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Is sustainable aviation even possible and should we all be flight shamed?
Flight shaming is the ideal end to a decade that saw temperature records broken, air travel records broken and a global awakening, as personified by Greta Thunberg. The announcement by Qantas, Australia’s flag carrier airline, that it will be carbon neutral by 2050 is cause for optimism. But can aviation ever be truly sustainable? What other airlines are embracing the possibility of a shared, sustainable future? What role can electric aircraft play? What about those business jets? And what about all that plastic waste generated by in-flight meals and drinks? Will the Scandinavian phenomenon of flight shaming (literally, being ashamed of flying too often) go global? Is airline sustainability positioning just hollow PR, or can we continue to fly while preserving the planet?
Aviation growth continues to boggle the mind
The expansion of the Chinese and Indian middle classes is helping to push commercial aviation towards a doubling of passenger numbers, aircraft and emissions by 2037. With 4.3 billion commercial air journeys having been completed in 2018, IATA (the International Air Transport Association, a private body that represents many airlines) projects that there will be 8.2 billion air travellers in 2037. Meanwhile, the commercial aircraft fleet is projected to more than double in size, from 21,450 tails (2018) to 48,000 in 2037 (source: Airbus). So double up the number of aircraft, the number of flights, the airport hassle, the security lines, the plastic waste, the CO2 emissions. Double the pain. Unless we do something now.
Passenger jet CO2 emissions and global warming
Air travel is responsible for 2% of the world’s greenhouse gas (GHG) emissions, with carbon dioxide (CO2) gas the main constituent. Aircraft emissions also have additional, negative effects because the waste gases are released directly into the upper atmosphere. Planes typically fly at 35,000 feet (over 6 miles/10 km) and the type of aircraft, the kind of flight and the load factor (how many passengers are on board compared to capacity) have a big impact on the emission profile. So, a full, long-haul flight has a greatly reduced impact on the atmosphere per passenger than a half-full, short-haul flight.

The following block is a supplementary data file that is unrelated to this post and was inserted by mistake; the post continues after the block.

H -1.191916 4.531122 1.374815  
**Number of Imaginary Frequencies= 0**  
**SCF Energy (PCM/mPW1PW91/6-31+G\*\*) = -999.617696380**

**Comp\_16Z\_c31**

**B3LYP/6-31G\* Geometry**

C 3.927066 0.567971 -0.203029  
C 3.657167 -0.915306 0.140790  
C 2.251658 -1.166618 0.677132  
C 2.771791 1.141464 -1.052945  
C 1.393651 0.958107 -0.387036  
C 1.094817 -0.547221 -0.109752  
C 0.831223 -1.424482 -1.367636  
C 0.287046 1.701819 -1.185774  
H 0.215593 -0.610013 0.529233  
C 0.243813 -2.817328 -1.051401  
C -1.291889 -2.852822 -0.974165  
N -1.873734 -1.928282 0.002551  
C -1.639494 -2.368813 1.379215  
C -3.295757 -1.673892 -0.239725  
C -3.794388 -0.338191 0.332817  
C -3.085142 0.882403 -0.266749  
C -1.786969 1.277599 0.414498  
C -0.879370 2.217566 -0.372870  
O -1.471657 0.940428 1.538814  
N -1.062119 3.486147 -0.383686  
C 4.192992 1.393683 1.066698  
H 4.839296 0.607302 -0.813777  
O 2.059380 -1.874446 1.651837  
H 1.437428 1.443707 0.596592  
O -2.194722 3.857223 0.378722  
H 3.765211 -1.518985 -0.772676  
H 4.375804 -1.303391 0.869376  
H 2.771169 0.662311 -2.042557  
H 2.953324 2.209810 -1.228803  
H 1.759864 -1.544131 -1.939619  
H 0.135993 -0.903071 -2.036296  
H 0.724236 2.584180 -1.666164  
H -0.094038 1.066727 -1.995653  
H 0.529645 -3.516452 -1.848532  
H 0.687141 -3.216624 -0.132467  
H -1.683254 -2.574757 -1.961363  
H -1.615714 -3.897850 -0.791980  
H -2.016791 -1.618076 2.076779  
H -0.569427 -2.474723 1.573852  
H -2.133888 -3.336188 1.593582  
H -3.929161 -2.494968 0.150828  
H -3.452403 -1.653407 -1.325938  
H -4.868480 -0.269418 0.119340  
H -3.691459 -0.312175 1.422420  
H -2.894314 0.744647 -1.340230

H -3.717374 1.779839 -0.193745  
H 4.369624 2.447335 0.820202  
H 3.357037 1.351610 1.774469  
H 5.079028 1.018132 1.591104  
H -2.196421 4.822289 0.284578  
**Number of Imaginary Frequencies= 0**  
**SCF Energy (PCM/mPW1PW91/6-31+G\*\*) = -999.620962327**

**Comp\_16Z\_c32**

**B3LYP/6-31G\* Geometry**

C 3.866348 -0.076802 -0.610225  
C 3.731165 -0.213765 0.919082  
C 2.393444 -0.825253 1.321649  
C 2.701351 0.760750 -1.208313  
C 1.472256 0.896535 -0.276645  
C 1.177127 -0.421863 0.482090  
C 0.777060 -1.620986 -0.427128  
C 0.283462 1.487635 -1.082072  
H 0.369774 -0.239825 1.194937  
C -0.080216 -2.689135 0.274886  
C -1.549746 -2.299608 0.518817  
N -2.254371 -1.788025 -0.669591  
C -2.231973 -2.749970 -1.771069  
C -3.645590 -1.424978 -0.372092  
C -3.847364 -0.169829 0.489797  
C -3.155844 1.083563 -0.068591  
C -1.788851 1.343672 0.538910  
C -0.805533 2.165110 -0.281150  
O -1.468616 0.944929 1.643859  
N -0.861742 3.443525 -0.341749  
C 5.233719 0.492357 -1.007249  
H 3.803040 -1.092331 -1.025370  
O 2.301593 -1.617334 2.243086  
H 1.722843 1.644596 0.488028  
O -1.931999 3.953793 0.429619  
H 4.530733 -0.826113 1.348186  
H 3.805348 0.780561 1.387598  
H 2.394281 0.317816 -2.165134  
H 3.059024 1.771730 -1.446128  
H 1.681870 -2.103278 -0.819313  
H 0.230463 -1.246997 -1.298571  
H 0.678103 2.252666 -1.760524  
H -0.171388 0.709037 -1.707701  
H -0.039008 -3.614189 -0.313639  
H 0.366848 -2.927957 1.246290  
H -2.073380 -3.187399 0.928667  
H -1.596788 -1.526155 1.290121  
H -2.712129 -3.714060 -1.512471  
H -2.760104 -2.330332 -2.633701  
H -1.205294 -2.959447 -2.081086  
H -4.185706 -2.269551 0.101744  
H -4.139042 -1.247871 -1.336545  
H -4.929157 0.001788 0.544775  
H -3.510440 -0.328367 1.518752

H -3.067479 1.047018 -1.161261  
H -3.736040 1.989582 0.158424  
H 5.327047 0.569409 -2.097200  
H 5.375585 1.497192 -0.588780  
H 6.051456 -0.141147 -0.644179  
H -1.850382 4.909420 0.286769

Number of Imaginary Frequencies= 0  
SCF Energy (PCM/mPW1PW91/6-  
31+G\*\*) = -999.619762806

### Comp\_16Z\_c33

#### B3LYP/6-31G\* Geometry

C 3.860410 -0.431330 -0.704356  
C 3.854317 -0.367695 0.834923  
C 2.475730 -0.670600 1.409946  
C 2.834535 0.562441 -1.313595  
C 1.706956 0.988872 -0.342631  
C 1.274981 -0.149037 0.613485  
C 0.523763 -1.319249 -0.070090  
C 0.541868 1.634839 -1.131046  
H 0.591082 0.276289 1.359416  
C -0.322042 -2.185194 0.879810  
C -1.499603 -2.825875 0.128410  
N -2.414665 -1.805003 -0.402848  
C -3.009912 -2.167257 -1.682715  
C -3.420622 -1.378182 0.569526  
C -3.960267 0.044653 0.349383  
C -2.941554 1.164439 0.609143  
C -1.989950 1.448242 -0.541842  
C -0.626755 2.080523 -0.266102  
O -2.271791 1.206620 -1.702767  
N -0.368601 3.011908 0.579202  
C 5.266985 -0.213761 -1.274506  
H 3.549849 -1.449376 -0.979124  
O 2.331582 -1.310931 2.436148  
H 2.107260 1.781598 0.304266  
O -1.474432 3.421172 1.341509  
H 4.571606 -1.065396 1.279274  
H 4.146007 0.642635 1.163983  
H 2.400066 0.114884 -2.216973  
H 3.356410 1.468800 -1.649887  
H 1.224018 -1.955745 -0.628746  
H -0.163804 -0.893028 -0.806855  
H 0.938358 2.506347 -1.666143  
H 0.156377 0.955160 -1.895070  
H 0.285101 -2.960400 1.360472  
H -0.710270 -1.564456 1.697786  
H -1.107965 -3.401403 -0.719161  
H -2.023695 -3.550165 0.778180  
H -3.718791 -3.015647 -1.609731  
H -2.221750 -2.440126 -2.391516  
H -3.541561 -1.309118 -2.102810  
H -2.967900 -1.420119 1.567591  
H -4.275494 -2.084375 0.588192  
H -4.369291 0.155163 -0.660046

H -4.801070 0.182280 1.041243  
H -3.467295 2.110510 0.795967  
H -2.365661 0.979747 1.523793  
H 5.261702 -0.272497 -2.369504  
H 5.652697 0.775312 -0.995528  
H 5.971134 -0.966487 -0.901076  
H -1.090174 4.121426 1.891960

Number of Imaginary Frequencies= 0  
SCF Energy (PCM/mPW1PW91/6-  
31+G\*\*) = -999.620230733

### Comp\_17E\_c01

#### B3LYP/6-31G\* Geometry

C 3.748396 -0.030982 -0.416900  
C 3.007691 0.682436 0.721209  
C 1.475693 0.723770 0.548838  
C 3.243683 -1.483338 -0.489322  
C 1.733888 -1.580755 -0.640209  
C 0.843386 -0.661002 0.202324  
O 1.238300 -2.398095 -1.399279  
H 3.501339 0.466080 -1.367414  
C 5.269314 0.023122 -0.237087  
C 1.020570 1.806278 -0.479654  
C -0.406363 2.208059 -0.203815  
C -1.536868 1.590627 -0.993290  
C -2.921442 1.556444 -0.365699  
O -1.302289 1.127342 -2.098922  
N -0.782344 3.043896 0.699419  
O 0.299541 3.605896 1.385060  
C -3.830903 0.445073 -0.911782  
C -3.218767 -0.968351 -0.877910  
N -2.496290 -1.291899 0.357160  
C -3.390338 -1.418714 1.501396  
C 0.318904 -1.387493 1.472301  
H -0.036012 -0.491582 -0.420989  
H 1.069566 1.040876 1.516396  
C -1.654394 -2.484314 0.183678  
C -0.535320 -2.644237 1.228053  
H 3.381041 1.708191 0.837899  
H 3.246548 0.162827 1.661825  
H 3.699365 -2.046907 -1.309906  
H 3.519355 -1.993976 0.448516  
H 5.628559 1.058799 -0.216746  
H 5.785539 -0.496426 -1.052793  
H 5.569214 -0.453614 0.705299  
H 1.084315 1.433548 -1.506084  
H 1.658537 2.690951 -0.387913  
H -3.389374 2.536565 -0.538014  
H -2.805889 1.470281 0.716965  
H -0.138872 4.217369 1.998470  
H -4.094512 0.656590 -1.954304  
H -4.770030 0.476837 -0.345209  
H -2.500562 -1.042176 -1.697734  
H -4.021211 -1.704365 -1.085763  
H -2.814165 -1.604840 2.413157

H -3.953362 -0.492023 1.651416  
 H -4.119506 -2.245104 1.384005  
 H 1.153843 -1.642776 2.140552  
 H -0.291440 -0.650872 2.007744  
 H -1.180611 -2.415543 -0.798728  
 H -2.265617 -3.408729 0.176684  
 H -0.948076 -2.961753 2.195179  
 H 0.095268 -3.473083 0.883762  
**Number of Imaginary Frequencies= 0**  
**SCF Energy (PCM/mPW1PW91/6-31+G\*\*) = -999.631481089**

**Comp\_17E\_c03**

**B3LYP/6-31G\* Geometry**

In October 2016, the UN’s International Civil Aviation Organization (ICAO) agreed on a Resolution for a global market-based measure to address CO2 emissions from international aviation as of 2021. The agreed Resolution sets out the objective and key design elements of the global scheme, as well as a roadmap for the completion of the work on implementing modalities.
The Carbon Offsetting and Reduction Scheme for International Aviation, or CORSIA, aims to stabilise CO2 emissions at 2020 levels by requiring airlines to offset the growth of their emissions after 2020.
ICAO recognizes the need to address the global challenge of climate change and adopted a set of ambitious targets to mitigate CO2 emissions from air transport:
- An average improvement in fuel efficiency of 1.5% per year from 2009 to 2020.
- A cap on net aviation CO2 emissions from 2020 (carbon-neutral growth).
- A reduction in net aviation CO2 emissions of 50% by 2050, relative to 2005 levels.
Qantas and Ryanair lead the way in sustainable flights
Qantas zero carbon by 2050 pledge
Thankfully, some airlines have already started to deal with the sustainability imperative. Qantas, Australia’s flag carrier, recently announced that it’s targeting net zero carbon emissions by 2050, with a “massive expansion” of its green aviation efforts. Qantas plans to offset all growth in emissions from 2020 and invest AUS $50m towards developing sustainable aviation fuels, hopefully including hemp biofuels.
Ryanair’s load factor advantage
Irish LCC (low cost carrier) Ryanair is famous for selling pretty much every seat on every flight and this high load factor brings down the average CO2 emission per passenger/kilometre to the lowest in the industry. While Ryanair’s routes are mostly on the short side, they are rarely domestic, and are often essential (e.g. from Ireland), and Ryanair fleet is very young and efficient. Ryanair bet big on the Boeing 737 MAX, with 135 on order*. The B737 MAX touts fuel efficiencies with new engines and winglets** so that, interestingly, Ryanair rebranded in 2019 as ‘Europe’s lowest emissions, lowest fares airline’.
“We expect anti-flying sentiment to grow and spread.”Alexandre de Juniac, head of IATA, November 2019.
Will you ever be flight shamed?